I am enjoying a few minutes of light computing in the Student Center at Eastern Michigan University right now: coffee, sunlight, email, Google Reader, Fantasy Football results. I try to spend an hour in the Student Center every Tuesday. The weekly, non-essential outing contributes to my New Faculty Continuing Orientation Plan. Basically, the NFCOP goes like this: leave your office every so often, develop a feel for the place. Frequently I run into students or colleagues as I make my way across campus, and we talk. Also, I walk alternative routes, get to know the landscape, the distances. These semi-strategic excursions are refreshingly ordinary, far less in the vein of anthropological scrutiny (a la Marc Augé) than in slow, deep, you-are-here mapping (a la William Least Heat-Moon). Walks less motivated by ground-truthing this "rhetorical country" than in walking, being here.
Dog-eared in PrairyErth, a book I was reading last summer:
But the stories didn’t work very well for me, and I walked on, the sky dimming like my mood. Then I remembered that in the little rucksack I carry on my tramps, somewhere among the notebook and pencils, binoculars and magnifying glass, camera and canteen, field guides and raisins, was a thing I’d bought a few days earlier and still had not used: a truck side-mirror, the small convex kind you stick on. I’d recently read about an eighteenth-century traveler’s device called a Claude glass that served to condense and focus a landscape and make it apprehensible in a way direct viewing cannot. When the English poet Thomas Grey first crossed Lake Windermere, he reserved his initial view of the other side for his Claude glass by blindfolding himself on the ferry. Maybe my mirror could rearrange things and show me, so memory-ridden, what I was having trouble seeing.
I pulled out the thing and walked slowly on, watching in it the hills compress and reshape themselves into something different, and what happened was strange and invigorating: in the glass the Chase prairie somehow took on the aspect of my first views of it, and I began to feel again the enchantment of those early encounters. By looking rearward, it was as if I were looking back in time, yet I was looking at a place where left was right, a two-dimensional landscape I could see but not enter: the prospect was both real and impossible, it was there and it wasn’t, and I entered it by walking away from it. If I turned to look, it was gone, something like the reverse of the old notion that when we turn our backs the universe suddenly disappears, to reappear instantly only when we look again. If I extended the mirror far in front of me, I–or a backward image of me–joined that turned land, a dreamscape that could exist only in my palm, a place behind I could see only by looking forward: I was hiking north and traveling south. And then, stumbling along as I was, I realized that ever since I’d come down off Roniger Hill and begun walking my grids I’d been traveling much the same way, and I realized that forward or backward didn’t matter so much as did the depth of the view, a long transit at once before and behind: the extent of cherishing depends upon the amplitude of the ken. (268)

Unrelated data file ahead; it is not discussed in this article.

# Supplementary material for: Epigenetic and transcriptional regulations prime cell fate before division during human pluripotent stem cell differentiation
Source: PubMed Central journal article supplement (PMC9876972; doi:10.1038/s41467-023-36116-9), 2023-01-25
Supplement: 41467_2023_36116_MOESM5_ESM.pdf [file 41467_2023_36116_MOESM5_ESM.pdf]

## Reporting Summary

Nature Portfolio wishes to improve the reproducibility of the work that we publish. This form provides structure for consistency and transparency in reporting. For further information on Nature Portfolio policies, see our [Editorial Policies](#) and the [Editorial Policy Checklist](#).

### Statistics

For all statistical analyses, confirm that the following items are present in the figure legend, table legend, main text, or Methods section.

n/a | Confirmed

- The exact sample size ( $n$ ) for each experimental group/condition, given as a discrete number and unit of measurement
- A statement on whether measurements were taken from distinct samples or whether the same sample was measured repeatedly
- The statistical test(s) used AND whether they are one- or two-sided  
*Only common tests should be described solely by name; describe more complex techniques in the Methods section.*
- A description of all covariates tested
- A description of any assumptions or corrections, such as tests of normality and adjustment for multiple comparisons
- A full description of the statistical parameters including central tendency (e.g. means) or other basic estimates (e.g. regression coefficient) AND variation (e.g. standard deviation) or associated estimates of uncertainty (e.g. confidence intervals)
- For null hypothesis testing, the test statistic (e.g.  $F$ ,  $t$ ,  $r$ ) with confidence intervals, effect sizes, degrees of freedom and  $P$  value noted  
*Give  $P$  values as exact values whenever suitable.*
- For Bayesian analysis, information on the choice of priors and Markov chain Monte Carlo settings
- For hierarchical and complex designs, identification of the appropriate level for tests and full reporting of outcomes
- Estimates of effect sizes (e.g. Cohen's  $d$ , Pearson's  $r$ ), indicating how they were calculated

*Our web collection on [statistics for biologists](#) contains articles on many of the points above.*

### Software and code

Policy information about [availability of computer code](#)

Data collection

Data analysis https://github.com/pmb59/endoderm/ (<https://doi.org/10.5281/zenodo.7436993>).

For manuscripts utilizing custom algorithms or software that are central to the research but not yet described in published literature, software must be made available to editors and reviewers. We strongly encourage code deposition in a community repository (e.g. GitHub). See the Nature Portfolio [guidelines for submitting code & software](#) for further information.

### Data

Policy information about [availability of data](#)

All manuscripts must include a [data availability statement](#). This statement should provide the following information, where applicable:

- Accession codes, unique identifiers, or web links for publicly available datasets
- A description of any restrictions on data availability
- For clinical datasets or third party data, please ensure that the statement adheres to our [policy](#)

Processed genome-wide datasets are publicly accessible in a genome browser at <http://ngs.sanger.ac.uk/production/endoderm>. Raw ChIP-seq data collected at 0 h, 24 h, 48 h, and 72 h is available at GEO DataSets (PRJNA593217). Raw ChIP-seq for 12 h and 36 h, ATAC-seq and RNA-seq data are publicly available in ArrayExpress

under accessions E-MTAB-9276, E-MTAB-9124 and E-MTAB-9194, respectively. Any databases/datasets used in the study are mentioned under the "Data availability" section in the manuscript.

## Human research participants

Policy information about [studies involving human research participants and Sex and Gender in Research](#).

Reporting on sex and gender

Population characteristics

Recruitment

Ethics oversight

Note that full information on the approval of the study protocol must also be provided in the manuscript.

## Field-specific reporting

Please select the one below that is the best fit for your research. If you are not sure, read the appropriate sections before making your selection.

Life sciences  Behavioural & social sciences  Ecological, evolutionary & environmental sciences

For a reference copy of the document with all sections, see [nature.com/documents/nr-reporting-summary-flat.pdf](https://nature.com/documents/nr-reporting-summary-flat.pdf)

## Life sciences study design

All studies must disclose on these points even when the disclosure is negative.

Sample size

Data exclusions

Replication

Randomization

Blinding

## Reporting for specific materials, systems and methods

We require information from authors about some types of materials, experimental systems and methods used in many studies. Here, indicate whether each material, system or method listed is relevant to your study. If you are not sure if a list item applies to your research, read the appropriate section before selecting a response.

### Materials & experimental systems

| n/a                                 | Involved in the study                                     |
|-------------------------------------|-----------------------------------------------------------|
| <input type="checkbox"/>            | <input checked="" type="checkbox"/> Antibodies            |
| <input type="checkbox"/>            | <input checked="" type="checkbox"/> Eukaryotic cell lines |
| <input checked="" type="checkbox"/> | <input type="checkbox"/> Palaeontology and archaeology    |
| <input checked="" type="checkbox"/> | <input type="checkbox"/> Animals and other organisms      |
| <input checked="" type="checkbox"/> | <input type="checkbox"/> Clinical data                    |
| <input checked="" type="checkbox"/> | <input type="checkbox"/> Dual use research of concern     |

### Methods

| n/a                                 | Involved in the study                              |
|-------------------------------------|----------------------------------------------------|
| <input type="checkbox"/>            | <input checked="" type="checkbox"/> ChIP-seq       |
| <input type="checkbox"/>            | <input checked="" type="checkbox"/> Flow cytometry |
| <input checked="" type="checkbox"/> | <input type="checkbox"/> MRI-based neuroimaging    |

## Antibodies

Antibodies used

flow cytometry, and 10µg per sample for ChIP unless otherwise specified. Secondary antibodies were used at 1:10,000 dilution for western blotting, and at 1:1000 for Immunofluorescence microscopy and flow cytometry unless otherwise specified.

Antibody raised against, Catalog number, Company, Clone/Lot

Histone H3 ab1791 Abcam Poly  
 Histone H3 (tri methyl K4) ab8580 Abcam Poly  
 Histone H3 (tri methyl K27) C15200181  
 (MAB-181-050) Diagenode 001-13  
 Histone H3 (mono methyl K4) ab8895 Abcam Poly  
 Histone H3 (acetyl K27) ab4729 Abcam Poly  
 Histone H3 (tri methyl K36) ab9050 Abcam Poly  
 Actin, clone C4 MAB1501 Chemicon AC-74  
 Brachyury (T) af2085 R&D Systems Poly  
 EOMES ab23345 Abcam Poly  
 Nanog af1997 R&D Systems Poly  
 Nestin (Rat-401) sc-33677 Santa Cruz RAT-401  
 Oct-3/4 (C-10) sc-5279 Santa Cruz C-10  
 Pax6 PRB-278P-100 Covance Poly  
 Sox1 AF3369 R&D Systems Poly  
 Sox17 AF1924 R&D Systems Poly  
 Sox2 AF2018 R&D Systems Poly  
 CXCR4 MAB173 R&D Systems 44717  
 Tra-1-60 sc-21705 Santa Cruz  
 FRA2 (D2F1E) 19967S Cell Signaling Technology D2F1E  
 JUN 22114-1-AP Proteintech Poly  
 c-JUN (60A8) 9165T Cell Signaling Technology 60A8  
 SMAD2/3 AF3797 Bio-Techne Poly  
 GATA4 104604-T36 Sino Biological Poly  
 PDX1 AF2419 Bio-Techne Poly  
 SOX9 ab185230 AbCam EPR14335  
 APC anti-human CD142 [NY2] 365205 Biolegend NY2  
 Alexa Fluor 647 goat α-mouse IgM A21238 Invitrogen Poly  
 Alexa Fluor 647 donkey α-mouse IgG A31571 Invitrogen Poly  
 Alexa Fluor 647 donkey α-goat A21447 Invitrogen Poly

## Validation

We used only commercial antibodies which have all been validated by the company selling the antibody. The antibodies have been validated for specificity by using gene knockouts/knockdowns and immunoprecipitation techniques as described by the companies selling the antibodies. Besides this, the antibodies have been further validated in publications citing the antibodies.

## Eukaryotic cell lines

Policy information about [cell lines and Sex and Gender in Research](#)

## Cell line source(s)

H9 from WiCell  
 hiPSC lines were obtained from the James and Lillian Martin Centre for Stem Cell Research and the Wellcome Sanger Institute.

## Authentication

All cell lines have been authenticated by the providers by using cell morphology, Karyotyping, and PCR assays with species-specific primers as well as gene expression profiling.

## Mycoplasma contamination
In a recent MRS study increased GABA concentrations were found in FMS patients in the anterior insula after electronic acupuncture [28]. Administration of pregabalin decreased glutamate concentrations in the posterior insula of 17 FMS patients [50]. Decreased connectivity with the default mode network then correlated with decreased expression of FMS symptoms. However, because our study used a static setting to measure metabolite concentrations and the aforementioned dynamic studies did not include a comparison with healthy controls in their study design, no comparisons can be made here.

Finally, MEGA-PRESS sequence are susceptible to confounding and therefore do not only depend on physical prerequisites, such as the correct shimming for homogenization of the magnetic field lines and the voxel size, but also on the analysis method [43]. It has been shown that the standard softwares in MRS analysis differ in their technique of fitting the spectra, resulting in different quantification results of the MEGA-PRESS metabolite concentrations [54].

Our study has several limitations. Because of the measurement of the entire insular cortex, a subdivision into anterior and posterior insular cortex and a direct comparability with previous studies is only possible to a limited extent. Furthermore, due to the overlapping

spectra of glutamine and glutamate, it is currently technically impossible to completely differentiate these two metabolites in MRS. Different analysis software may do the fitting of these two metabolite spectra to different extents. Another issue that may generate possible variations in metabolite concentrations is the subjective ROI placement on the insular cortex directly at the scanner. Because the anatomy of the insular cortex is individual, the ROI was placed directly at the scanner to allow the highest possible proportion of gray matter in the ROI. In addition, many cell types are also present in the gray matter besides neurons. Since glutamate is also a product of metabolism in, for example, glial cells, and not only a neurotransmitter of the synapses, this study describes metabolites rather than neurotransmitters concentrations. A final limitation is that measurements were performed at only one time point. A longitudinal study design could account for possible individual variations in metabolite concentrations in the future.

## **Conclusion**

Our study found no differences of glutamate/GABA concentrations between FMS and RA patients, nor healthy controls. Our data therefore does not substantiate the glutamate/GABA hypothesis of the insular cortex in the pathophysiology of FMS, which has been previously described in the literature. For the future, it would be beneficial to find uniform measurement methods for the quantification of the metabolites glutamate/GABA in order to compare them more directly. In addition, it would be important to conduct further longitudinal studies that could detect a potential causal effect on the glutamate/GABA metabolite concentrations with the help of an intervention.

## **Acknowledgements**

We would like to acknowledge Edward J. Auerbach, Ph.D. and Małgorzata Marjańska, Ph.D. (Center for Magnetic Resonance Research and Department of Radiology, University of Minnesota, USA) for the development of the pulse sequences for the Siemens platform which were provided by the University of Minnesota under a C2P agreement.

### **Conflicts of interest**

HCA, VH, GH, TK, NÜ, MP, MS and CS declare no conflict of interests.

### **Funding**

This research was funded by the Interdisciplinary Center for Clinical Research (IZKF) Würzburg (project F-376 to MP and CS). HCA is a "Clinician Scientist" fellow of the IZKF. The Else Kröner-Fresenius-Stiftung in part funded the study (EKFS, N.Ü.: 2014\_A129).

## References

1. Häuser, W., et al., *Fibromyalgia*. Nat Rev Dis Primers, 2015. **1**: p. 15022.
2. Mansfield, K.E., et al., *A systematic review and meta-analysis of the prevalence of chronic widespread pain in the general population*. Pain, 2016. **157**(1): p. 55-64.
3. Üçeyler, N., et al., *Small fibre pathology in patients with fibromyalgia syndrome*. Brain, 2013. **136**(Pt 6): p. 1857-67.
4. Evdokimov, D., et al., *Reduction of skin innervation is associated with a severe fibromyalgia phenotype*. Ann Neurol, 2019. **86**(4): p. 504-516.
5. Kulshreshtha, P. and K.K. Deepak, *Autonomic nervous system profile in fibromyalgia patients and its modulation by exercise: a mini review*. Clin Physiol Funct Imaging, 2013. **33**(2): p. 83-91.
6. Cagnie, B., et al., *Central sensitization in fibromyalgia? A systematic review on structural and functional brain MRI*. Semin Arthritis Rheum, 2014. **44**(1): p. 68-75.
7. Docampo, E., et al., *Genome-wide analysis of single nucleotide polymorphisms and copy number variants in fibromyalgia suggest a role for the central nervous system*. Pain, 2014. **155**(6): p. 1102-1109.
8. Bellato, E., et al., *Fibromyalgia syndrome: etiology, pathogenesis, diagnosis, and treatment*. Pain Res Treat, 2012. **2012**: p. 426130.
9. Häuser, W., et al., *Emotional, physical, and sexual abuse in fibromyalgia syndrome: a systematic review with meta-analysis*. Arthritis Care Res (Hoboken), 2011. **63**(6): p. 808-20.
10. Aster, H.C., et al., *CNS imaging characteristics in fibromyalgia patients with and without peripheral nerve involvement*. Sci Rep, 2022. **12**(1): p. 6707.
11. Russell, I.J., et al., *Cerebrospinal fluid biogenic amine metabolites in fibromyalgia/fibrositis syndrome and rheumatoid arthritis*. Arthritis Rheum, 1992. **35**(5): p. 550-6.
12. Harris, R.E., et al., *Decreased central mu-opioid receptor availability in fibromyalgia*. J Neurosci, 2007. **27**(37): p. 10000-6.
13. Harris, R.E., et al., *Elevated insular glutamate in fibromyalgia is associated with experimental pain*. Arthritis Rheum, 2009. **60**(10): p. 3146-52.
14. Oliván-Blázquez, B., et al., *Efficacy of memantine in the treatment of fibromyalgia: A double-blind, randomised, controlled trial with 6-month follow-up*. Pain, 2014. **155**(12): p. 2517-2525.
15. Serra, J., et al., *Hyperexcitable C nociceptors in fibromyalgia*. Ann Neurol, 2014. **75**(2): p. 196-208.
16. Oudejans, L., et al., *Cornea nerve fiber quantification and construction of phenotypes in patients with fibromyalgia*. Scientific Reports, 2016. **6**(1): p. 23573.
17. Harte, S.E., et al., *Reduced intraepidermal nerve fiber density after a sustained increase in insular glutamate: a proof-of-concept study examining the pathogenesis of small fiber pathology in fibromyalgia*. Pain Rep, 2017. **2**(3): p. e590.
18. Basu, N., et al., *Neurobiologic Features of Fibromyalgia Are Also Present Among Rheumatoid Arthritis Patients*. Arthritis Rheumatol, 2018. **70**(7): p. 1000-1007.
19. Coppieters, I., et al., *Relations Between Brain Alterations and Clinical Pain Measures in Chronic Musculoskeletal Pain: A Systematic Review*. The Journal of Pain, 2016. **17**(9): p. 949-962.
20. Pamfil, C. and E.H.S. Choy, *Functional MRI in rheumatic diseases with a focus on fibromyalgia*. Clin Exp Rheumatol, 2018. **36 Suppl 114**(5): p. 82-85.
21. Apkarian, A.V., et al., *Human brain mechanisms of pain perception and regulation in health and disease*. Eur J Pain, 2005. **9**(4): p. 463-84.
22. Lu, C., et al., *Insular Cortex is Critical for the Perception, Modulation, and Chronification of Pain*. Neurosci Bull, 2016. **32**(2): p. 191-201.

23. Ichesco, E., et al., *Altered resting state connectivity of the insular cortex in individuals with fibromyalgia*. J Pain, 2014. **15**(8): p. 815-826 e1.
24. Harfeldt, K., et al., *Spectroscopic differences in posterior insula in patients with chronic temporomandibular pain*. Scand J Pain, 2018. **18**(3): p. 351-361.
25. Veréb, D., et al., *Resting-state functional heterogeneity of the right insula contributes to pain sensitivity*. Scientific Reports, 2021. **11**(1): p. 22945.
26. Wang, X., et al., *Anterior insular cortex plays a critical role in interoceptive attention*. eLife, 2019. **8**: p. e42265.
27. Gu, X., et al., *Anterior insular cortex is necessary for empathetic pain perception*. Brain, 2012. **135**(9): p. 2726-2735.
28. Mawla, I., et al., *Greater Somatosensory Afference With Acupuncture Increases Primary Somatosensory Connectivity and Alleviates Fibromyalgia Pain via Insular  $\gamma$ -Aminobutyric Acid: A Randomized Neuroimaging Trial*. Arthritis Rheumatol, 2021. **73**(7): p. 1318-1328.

This is William Least Heat-Moon on memory and perspective-two faculties that have, more than others, given shape to my day: a productively clumsy practice interview on campus this morning, the sawing and propping of a Fraser Fir in the living room, and intermittent, melancholic jabs in remembering that my mother, had she lived past 48, would have turned 60 today. So: I could have used a Claude glass–or a truck side-mirror–deliberately to adjust my perspective at a few different points–a mirror trick to help me vanish momentarily from the Syracuse landscape, reverse directions, “rearrange things.”